Trees, woodlands and methane

Trees, woodlands and methane

Methane might be a clean fossil fuel when in a pipeline but it is second only to carbon dioxide in terms of contributing to global warming, when present in the atmosphere.  Over the last two centuries, the level of methane in the atmosphere has increased dramatically (and now stands at approximately 1800 parts per billion). Much of this increase has been linked to certain agricultural practices (farming of cattle and other ruminants, paddy fields) plus the emissions from decomposing landfill etc. 

However, recent work in a number of forested and woodland areas (for example, The Amazon, Borneo, China, Hungary etc) has suggested that the release of methane by trees is significant, and given that methane is an extremely potent greenhouse gas - this has to be considered in relation to climate change.  The methane contribution from  trees has not really been considered when working out the global methane budget but it now seems that they make a contribution.  

The methane emission by a single tree might be small but world-wide there are billions of trees.  A paper published in The New Phytologist entitled “Methane production and emissions in trees and forests” by Kristofer R. Covey & J. Patrick Megonigal addresses this issue.  It had been thought that the action of soil microbes (methanotrophs) particularly in upland woodlands and forests in removing methane from the air would offset some methane production but this may not be the case.   Covey has also described situations where similar trees in similar soils have a fifty-fold difference in methane emissions; the situation is variable!

In the past measurements of methane flux were frequently done at soil level.  However, it is now known that methane can be released from various surfaces of a tree. Professor Vincent Gauci of the Open University has been working on methane release in woodlands /  forests. He and other scientists have found trees produce their own methane (and are not just acting as a conduit for the release of methane from the soil).  Methane can come from microbes in the heartwood of the trunk and / or other tissues.   But recent work has shown that a photochemical reaction, probably driven by the U.V wavelengths in sunlight is capable of producing methane.  This production of methane by trees is known as abiotic aerobic methanogenesis.  It may be that it involves reactive oxygen species (such as peroxide or superoxide) inter-acting with pectin, lignin or other complex polymers.  This production of methane has been associated with various stressors - such as the wounding of tissue, high temperature, drought and infection.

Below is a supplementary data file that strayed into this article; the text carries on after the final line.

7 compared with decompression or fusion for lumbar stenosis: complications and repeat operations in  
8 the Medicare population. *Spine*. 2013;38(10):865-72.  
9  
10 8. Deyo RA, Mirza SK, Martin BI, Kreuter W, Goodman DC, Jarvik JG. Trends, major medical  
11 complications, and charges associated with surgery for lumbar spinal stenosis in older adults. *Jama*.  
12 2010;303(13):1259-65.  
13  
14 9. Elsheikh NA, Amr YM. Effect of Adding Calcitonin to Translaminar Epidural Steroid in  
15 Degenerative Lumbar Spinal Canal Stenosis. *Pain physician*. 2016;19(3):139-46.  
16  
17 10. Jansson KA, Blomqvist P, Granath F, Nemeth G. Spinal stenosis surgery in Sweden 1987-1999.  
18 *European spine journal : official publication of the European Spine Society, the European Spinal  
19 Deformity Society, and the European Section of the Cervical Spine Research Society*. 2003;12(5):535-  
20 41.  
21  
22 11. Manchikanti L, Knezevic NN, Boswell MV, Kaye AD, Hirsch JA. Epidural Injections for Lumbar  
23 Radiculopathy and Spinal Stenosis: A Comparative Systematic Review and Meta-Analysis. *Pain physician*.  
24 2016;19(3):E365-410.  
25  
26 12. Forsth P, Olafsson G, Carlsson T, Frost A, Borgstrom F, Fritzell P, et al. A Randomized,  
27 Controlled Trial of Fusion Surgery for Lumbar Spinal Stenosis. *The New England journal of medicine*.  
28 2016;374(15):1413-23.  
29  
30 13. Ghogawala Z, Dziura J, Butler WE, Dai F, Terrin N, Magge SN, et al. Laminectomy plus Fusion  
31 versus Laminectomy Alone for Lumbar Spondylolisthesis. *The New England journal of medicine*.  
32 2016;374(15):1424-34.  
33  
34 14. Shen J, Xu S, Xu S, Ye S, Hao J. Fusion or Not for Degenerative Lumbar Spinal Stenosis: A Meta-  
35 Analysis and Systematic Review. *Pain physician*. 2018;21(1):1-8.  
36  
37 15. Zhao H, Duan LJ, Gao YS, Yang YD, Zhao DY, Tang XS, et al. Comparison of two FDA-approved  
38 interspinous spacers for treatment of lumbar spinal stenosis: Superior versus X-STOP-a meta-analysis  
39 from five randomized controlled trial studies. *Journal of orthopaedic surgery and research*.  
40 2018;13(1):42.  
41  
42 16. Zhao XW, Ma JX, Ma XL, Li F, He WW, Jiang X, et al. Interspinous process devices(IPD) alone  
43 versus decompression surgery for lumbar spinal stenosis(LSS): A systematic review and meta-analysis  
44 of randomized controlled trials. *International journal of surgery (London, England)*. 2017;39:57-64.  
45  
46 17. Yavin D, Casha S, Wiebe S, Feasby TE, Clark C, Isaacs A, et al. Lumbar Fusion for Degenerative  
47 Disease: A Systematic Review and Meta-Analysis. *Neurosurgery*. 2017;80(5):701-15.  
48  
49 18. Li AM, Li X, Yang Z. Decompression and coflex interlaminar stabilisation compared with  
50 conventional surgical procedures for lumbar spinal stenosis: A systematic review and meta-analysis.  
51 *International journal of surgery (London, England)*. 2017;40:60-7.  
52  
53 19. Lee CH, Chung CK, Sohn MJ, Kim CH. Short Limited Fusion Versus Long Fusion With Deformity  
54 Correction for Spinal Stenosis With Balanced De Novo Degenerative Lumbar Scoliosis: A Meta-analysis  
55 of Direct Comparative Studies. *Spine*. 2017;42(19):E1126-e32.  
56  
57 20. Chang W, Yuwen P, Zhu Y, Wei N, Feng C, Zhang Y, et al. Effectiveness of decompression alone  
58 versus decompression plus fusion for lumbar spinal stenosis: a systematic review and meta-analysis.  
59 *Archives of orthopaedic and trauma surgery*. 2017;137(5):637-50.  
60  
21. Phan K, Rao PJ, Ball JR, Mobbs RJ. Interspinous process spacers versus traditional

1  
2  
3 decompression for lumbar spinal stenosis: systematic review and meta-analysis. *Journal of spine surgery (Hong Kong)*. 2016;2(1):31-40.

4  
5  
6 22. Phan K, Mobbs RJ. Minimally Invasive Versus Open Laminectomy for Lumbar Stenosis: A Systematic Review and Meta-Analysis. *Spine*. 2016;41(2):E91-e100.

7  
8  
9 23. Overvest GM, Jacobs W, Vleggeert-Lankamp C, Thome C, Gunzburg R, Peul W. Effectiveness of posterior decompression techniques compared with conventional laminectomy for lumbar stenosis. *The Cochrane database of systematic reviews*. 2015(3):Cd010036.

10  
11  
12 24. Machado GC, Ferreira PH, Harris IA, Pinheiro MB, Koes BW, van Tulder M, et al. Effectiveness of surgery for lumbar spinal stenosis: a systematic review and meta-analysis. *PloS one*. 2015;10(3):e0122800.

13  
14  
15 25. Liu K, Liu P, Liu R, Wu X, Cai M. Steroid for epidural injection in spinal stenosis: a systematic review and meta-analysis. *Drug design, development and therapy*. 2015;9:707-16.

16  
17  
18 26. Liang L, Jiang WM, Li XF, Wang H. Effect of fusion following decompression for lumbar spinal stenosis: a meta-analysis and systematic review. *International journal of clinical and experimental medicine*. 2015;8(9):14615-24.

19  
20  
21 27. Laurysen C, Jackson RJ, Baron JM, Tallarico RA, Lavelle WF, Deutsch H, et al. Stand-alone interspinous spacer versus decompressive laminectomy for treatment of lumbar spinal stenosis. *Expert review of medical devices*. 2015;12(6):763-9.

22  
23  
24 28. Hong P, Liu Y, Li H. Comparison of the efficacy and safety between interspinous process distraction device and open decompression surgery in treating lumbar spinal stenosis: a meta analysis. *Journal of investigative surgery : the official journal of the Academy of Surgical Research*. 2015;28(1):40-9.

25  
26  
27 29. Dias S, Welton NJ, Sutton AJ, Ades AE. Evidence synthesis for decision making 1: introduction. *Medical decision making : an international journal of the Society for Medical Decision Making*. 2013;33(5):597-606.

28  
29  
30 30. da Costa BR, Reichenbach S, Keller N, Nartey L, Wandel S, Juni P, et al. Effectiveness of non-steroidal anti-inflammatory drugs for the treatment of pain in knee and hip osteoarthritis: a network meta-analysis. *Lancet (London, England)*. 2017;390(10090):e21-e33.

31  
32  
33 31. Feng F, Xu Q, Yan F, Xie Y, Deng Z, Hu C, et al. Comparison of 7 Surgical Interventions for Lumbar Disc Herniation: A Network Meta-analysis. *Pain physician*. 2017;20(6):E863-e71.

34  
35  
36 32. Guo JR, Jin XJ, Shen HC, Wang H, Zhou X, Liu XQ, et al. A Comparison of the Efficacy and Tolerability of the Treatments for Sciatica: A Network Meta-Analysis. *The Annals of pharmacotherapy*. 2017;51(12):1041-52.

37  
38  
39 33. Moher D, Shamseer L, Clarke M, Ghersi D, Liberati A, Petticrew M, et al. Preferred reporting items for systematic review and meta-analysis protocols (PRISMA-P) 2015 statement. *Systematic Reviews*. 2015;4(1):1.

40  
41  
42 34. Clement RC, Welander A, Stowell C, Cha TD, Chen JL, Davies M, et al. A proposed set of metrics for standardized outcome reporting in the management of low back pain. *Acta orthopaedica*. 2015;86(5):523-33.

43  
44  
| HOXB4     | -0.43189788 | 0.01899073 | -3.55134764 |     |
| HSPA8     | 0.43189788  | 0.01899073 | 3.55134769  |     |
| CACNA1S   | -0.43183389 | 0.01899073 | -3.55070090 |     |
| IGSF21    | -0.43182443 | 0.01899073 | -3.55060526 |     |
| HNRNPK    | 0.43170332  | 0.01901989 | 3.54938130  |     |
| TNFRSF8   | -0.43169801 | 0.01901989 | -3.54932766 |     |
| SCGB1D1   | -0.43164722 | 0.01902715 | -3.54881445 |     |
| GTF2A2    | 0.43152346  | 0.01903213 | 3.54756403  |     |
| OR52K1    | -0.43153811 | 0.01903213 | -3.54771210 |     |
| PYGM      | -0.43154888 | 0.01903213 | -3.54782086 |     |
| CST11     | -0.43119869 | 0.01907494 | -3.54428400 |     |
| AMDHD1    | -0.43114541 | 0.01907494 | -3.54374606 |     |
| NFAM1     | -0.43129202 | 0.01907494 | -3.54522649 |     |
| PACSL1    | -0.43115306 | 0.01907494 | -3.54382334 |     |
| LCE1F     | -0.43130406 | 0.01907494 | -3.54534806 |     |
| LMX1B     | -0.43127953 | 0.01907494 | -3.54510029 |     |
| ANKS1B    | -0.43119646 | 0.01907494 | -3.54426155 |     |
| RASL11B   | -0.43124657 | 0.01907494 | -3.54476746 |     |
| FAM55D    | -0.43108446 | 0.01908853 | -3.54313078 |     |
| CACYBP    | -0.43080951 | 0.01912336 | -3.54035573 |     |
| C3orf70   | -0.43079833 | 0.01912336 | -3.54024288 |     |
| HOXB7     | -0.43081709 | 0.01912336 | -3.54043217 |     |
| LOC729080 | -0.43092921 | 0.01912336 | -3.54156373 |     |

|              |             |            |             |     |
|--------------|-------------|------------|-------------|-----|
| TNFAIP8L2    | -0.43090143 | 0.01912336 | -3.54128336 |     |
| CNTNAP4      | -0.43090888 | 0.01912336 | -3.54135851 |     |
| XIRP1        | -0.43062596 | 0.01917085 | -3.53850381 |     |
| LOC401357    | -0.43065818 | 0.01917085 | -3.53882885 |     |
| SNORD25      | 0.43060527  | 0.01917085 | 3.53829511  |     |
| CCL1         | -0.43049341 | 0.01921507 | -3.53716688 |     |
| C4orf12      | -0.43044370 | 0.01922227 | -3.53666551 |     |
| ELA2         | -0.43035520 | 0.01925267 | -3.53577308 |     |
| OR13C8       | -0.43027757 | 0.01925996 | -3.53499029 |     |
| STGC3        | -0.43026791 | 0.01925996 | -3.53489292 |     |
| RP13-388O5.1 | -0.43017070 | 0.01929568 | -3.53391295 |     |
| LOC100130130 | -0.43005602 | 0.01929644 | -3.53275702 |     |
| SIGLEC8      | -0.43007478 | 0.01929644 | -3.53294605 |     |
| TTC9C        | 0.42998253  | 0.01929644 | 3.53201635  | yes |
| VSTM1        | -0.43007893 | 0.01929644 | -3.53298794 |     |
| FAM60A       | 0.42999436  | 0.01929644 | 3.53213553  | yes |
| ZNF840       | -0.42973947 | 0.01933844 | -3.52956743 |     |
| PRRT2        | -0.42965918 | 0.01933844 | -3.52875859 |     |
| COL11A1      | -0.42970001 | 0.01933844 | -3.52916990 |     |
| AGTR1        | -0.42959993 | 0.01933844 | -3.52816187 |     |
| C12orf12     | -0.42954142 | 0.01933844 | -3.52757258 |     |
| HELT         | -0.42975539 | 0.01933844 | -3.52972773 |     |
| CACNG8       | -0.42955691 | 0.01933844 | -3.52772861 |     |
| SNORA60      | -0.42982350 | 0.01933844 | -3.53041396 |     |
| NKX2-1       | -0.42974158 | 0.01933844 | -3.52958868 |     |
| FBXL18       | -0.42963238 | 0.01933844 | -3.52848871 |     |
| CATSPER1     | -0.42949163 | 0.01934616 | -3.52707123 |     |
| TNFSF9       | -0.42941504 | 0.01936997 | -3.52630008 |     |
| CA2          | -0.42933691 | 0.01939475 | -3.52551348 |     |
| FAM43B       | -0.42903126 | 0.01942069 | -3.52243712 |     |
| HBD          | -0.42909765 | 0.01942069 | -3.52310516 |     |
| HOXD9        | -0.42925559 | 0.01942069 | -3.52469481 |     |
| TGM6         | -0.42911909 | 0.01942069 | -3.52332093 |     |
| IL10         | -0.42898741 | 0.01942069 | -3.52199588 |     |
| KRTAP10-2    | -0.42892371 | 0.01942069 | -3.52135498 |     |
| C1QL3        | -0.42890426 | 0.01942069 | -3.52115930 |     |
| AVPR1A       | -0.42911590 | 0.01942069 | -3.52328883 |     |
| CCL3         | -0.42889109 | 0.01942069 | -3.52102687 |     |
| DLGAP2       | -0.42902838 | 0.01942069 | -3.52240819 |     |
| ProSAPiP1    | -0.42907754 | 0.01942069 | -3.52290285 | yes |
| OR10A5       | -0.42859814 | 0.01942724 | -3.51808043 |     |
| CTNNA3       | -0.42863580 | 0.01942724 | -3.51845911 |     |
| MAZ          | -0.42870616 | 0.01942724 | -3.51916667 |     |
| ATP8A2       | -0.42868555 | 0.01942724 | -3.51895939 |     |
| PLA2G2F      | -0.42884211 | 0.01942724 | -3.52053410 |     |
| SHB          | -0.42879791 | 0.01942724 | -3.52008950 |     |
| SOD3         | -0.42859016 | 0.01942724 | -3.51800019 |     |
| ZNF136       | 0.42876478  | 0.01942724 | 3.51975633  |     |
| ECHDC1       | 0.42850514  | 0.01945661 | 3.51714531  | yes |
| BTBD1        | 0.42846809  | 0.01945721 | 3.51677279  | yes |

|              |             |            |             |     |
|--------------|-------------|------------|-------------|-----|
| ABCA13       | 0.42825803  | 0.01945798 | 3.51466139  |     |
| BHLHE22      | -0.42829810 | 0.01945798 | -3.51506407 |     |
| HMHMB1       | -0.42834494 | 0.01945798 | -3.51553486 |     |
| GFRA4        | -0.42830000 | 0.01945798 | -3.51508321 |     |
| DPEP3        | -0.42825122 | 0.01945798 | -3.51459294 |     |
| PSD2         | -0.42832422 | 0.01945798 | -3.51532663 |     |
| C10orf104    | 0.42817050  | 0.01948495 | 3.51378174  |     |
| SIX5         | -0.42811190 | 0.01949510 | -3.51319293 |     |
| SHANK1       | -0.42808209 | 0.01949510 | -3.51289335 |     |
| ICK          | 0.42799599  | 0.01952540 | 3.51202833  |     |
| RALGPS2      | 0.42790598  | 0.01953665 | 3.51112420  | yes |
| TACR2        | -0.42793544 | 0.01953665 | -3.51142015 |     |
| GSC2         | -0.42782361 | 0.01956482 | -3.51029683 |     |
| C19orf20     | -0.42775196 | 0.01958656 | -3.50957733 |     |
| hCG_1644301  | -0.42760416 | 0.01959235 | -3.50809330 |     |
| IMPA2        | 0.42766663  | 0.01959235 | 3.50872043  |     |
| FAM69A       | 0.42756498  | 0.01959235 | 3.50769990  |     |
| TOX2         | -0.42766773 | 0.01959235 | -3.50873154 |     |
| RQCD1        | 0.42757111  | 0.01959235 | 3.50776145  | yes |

The methane emissions from trees measured in some regions are seemingly enormous. A Lancaster University team estimated that the trees in seasonally flooded forests of the Amazon produced between 14 and 25 million metric tons of methane annually—an amount not dis-similar to methane release from the Arctic tundra.  This is perhaps not surprising given the wet, water- logged nature of the soils; ideal for many methane-generating bacteria. Other studies have found trees generating substantial amounts of methane even in dry upland ecosystems.  

Interestingly some of this work was on cottonwoods and it takes us ‘full circle’.  Over a hundred years ago, a chemistry professor (Francis Bushong) in Kansas reported an observation that he had made; he noted that when he had cut down some cottontrees that the sap that exuded from the trunks ’bubbled’ and that he could ignite these bubbles.  The bubbles produce a blue flame on ignition.  Back at his laboratory, he discovered that the bubbles contained methane and in some cases the methane reached  65% or more of the total stem gas*. Rather like Gregor Mendel’s work on the genetics of peas, his observations lapsed into relative obscurity for some years.

* Bushong FW. 1907. Composition of gas from cottonwood trees. Transactions of the Kansas Academy of Science 21: 53

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